Sheriff Career Description
The duties of a sheriff are similar to those of a city police chief, but a sheriff oversees an entire county. Sheriffs are usually elected law enforcement officials, and they generally work with smaller staffs of approximately fifty officers. A sheriff's deputy performs a job similar to that of an urban or city police officer.
A sheriff must have a high school degree or its equivalent and undergo law enforcement training at a sheriff training or police academy. It is common for sheriffs to have bachelor's or master's criminal justice degrees. An online degree or traditional campus degree can prepare students for police jobs like sheriff that can offer an impressive start to a number of law enforcement careers. Online criminal justice degrees offer specializations in a variety of areas, whether your aspirations are towards a security job, traditional police job, or sheriff position.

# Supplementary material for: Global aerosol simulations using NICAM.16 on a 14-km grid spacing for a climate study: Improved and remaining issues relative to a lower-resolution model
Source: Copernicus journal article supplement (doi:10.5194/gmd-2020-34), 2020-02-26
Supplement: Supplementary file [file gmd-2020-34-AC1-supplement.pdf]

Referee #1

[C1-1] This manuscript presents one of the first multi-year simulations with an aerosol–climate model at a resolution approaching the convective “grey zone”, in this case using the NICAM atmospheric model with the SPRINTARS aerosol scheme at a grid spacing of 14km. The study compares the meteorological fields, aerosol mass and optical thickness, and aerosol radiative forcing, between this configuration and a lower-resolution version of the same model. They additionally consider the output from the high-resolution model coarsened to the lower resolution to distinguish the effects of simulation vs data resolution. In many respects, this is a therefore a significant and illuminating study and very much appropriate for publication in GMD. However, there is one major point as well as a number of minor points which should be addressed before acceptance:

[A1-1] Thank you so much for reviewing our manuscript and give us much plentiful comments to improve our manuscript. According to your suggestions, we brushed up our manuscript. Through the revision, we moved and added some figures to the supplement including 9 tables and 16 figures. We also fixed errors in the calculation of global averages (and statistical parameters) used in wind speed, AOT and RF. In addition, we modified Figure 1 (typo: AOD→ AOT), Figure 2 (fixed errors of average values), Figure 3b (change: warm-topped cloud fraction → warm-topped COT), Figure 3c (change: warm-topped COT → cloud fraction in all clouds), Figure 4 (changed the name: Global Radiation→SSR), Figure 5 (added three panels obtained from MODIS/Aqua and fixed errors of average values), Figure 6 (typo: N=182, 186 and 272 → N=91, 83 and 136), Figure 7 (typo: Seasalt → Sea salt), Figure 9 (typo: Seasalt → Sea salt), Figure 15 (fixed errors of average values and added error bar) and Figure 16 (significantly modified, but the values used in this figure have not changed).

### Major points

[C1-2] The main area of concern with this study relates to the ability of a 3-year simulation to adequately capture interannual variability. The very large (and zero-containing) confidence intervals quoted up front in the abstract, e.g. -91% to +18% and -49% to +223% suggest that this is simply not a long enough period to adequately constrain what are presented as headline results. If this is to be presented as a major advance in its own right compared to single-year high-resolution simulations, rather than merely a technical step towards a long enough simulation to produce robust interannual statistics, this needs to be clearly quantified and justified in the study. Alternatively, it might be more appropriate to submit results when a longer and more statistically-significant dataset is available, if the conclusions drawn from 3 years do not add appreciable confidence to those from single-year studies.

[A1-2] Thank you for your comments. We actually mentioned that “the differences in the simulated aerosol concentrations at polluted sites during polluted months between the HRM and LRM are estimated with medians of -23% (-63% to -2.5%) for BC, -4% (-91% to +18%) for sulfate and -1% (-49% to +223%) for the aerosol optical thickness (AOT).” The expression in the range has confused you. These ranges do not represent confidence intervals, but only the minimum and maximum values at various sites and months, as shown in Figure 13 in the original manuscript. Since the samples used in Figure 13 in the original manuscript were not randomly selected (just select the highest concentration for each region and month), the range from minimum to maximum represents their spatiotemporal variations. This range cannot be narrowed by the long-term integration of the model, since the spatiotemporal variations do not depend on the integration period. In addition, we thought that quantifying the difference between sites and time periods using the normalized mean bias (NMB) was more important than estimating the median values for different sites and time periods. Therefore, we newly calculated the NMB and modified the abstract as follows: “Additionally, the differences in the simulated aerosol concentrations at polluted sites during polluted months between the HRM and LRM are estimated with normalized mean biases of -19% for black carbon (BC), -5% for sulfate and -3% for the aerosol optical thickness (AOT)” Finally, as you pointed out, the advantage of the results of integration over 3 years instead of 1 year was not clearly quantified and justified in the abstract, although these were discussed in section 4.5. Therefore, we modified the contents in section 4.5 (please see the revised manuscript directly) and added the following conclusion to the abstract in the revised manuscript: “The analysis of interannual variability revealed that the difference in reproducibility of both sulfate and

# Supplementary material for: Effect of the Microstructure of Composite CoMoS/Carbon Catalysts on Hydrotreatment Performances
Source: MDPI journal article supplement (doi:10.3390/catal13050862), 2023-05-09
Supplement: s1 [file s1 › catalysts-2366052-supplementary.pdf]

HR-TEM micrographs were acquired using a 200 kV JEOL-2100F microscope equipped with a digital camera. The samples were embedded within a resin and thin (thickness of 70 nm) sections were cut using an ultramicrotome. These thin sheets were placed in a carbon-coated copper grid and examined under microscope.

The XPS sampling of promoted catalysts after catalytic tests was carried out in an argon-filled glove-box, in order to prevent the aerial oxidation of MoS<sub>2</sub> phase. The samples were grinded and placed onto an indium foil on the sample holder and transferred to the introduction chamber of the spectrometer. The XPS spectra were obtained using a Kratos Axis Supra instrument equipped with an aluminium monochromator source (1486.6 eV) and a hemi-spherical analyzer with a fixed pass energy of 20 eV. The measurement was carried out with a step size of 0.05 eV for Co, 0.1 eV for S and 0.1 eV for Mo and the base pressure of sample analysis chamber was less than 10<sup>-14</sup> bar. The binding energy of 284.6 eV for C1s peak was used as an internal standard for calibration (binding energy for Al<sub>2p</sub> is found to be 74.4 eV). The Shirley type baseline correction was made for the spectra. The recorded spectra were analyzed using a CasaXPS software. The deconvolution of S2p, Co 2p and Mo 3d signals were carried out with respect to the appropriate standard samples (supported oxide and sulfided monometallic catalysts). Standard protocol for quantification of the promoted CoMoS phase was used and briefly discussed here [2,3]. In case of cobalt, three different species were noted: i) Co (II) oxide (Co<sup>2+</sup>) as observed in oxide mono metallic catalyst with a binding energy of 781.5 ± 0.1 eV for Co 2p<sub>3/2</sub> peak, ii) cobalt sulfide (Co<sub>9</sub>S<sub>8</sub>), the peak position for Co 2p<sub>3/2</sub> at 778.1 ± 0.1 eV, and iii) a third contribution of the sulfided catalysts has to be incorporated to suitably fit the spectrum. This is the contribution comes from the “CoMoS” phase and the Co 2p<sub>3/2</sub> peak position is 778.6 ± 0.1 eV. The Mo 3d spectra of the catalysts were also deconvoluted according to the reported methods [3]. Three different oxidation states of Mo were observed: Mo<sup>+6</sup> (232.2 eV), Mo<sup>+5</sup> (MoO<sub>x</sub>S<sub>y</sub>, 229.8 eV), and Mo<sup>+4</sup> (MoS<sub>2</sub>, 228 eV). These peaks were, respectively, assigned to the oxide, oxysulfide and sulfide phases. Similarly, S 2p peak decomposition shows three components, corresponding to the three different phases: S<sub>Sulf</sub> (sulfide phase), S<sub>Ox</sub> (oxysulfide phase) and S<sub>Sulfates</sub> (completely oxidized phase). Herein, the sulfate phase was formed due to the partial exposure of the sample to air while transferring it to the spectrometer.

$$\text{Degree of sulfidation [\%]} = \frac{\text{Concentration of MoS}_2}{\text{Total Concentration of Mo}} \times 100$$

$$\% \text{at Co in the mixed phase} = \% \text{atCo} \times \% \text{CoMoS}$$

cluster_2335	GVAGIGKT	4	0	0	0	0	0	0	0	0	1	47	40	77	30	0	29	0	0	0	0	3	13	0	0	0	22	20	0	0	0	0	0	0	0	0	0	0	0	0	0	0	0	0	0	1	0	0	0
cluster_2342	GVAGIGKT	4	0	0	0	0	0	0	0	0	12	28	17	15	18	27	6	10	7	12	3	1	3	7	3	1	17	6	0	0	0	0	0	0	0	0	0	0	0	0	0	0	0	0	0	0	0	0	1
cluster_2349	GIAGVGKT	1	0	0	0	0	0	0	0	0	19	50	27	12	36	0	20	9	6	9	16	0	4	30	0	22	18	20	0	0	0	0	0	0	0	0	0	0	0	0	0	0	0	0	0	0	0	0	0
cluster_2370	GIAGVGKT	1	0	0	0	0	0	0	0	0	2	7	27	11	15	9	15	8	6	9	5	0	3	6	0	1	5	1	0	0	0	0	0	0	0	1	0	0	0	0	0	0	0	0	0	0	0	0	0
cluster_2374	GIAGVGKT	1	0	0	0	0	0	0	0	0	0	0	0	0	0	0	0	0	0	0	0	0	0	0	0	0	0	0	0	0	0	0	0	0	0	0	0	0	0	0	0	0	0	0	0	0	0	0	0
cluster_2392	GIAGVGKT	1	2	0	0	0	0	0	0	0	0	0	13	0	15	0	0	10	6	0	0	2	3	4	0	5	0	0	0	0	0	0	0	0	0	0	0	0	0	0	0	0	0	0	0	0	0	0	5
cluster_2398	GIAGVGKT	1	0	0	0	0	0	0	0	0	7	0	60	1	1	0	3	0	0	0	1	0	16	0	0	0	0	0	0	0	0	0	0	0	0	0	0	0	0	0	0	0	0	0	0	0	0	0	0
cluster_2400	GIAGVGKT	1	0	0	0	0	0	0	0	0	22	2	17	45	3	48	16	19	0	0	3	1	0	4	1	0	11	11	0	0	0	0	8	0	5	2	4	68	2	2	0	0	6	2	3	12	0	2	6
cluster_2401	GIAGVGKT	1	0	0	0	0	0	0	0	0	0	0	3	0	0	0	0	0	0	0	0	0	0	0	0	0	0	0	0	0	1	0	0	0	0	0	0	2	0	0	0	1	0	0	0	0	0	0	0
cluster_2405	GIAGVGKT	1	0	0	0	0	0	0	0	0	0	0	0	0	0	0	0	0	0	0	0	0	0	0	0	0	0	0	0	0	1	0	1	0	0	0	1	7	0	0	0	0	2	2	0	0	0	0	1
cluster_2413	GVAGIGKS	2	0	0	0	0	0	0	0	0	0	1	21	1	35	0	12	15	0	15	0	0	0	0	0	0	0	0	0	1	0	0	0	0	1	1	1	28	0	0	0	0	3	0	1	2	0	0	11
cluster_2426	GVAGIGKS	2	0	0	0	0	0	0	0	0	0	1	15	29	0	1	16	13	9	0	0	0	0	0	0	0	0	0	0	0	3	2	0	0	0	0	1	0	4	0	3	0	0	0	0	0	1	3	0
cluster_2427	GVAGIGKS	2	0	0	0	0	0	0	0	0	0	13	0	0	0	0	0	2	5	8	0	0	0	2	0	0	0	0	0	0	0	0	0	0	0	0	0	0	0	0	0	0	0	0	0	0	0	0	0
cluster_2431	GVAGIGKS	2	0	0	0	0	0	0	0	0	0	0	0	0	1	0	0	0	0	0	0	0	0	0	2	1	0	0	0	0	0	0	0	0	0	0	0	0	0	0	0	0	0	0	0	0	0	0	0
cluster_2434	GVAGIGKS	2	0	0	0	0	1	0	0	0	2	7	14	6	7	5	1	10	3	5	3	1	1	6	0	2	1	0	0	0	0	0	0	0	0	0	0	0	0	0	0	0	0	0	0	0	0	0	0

There were about 861,000 police and detectives employed in the U.S. in 2006, according to the U.S. Bureau of Labor Statistics. Particular data for sheriffs is not listed.
Sheriff Job Description
It can be difficult to predict job growth for elected officials, but it is known that law enforcement positions overall are expected to grow by 11 percent between 2006 and 2016. With this in mind, it is logical to assume that sheriff positions will grow in accordance.
Sheriff Salary Range
*The BLS lists the average annual salary for first-line supervisors of police and detectives at $76,820 as of May 2008. The top 10 percent earned $114,300, while the bottom 10 percent made $46,000.
*Bureau of Labor Statistics